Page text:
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Energy crops are plants grown and harvested with the specific intent to use them as fuel. These plants are typically divided into two categories: herbaceous, such as grasses, and woody, like trees and shrubs. Stored energy in the plants may be accessed by direct combustion, gasification and conversion into liquid fuels. Energy crops are generally chosen for their energy content, the ease with which they can be grown and harvested, as well as associated end-product processing costs. The non-edible parts of food plants used for the same purpose are considered agricultural byproducts, not energy crops.
Several types of grasses show potential as an energy source, with switchgrass generating the most interest; yields are typically higher and production costs lower than for other herbaceous plants. Switchgrass can reach full yield capacity within three years and grows from a permanent root system, not requiring replanting for up to 15 years. Only one-quarter the amount of water and fertilizer necessary for most food crops is required and the grass is remarkably pest and drought resistant. Standard farm equipment can be used to harvest switchgrass, which is baled just like hay.
Trees and shrubs used for energy crops are not generally grown to maturity, as lumber is not the end product. Short rotation woody crops (SRWC) are cultivated with an expected harvest within four to ten years while fast growing hardwoods, such as poplar and willow, can grow up to ten feet per year under ideal conditions. Cultivated stands of trees also produce up to ten times more wood per acre than natural forests.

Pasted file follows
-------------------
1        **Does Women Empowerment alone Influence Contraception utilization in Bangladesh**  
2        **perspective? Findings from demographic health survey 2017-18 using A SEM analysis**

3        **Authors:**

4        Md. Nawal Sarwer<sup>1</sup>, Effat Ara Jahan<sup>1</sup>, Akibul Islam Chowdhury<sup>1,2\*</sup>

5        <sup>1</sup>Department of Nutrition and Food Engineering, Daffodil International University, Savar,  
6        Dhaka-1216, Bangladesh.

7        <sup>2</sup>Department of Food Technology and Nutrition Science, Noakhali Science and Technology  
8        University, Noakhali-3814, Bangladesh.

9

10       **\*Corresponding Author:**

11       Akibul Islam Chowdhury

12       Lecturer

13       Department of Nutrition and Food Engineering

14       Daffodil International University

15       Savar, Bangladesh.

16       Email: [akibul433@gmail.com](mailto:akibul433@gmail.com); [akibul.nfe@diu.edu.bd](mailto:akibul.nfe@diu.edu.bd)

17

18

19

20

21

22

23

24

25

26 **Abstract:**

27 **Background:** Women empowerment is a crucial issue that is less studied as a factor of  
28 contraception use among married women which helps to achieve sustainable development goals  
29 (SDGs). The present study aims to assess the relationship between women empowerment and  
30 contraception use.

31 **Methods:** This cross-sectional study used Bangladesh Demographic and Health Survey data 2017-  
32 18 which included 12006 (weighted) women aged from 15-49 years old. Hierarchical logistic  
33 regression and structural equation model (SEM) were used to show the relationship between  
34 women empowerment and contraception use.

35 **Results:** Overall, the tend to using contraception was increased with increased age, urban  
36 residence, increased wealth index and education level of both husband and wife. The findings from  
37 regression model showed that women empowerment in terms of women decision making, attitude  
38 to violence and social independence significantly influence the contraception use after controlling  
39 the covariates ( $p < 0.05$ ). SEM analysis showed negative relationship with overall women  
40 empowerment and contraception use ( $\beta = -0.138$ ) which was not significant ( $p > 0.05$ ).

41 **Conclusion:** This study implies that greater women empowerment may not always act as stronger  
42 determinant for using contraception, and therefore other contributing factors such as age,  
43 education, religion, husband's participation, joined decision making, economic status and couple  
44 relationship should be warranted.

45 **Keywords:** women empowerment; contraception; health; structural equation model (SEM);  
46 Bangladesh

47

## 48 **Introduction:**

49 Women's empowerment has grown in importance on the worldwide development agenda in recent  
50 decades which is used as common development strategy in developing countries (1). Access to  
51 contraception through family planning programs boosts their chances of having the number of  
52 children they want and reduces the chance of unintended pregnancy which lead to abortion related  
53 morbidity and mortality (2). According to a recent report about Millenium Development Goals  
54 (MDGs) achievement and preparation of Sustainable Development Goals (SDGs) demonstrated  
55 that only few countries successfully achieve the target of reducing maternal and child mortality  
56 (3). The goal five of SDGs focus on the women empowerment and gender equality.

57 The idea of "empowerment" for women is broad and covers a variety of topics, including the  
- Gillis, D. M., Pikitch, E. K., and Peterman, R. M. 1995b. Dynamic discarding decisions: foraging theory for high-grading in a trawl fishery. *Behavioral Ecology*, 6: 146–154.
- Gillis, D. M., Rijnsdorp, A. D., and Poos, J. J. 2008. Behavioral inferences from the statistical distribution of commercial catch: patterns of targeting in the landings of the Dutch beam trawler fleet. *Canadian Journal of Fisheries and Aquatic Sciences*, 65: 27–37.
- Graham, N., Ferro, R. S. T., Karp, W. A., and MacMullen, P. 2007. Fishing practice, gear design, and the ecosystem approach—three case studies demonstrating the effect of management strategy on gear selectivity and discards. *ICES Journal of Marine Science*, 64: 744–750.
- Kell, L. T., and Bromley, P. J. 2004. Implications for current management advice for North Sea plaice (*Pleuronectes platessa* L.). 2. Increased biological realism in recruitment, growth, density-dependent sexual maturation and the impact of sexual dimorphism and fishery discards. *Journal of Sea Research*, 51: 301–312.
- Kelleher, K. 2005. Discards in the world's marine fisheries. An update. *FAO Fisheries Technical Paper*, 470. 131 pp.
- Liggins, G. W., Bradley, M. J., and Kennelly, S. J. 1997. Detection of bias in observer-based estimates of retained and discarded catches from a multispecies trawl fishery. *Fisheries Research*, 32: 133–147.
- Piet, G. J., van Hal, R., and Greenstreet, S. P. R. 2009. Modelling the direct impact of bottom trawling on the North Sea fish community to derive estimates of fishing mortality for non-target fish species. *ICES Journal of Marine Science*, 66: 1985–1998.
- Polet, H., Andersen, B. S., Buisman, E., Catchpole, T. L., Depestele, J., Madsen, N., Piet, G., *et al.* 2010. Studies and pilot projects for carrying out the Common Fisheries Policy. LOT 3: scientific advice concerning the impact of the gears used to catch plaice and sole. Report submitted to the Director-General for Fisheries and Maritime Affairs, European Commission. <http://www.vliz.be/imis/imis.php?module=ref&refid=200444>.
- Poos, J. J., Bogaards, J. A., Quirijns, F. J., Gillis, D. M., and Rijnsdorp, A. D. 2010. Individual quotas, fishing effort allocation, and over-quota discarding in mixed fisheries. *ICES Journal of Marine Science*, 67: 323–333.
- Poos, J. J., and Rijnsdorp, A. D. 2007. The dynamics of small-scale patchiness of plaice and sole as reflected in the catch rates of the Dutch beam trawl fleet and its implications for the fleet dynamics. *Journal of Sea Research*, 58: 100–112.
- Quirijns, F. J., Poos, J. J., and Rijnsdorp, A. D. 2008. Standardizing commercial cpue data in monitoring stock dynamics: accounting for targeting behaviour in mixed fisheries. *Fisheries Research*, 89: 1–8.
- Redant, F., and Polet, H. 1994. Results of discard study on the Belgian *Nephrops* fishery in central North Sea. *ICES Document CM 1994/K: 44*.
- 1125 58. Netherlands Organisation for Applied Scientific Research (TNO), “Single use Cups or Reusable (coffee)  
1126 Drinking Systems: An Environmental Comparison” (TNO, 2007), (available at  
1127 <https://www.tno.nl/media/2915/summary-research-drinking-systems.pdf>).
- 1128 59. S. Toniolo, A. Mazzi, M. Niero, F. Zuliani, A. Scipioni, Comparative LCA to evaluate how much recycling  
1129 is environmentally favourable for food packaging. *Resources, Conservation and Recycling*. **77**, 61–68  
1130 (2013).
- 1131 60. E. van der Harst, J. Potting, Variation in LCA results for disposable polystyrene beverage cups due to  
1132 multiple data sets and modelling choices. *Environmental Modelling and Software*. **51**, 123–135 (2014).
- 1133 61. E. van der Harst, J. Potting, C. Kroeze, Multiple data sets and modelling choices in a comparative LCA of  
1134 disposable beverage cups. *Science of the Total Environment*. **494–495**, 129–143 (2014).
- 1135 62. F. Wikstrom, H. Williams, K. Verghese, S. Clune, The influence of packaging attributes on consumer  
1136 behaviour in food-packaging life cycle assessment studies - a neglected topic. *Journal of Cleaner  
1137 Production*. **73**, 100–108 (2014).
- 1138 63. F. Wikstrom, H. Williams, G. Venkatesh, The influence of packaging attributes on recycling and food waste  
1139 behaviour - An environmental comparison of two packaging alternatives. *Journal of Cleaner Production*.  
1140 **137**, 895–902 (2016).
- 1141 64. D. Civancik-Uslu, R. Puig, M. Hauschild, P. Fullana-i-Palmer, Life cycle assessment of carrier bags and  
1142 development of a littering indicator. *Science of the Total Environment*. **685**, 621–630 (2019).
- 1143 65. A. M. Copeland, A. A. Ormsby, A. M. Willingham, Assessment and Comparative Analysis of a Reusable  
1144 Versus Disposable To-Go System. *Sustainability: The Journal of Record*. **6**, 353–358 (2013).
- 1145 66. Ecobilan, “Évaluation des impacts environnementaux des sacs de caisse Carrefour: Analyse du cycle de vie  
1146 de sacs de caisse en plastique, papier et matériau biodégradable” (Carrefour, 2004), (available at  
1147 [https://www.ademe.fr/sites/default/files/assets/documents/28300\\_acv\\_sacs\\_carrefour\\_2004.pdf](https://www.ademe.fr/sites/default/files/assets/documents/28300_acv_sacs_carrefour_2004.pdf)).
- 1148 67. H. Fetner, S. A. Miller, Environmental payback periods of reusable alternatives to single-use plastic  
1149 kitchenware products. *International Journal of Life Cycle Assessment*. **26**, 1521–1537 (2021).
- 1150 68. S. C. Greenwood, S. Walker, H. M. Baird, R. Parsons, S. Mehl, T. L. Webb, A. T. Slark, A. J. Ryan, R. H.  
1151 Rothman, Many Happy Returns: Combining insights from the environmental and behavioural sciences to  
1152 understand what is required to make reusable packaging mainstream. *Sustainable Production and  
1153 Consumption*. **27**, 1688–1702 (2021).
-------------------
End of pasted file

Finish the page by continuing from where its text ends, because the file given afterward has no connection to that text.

The two main uses for energy crops are to generate electricity and as a raw material for biofuel production. A power plant might use the crops in a steam boiler, burning them directly or along with coal, a practice called cofiring. By the process of gasification, biomass can be processed into syngas, a mixture of carbon monoxide and hydrogen, or methane. Either can be used to fire steam turbines or as an energy source for manufacturing.
Butanol, a long-chain hydrocarbon similar to gasoline, can be produced from herbaceous plants such as switchgrass, miscanthus and elephant grass. Ethanol, an alcohol fuel, is made from wheat, corn, sugarcane or any plant that can be used to make an alcoholic beverage while biodiesel fuel can be made from vegetable oils produced from energy crops such as soy, rapeseed and hemp. Lipids, or fats, in the oil are reacted with alcohol to produce the biodiesel. Although some biofuels can directly power vehicles, most are used in mixture with traditional fuels.
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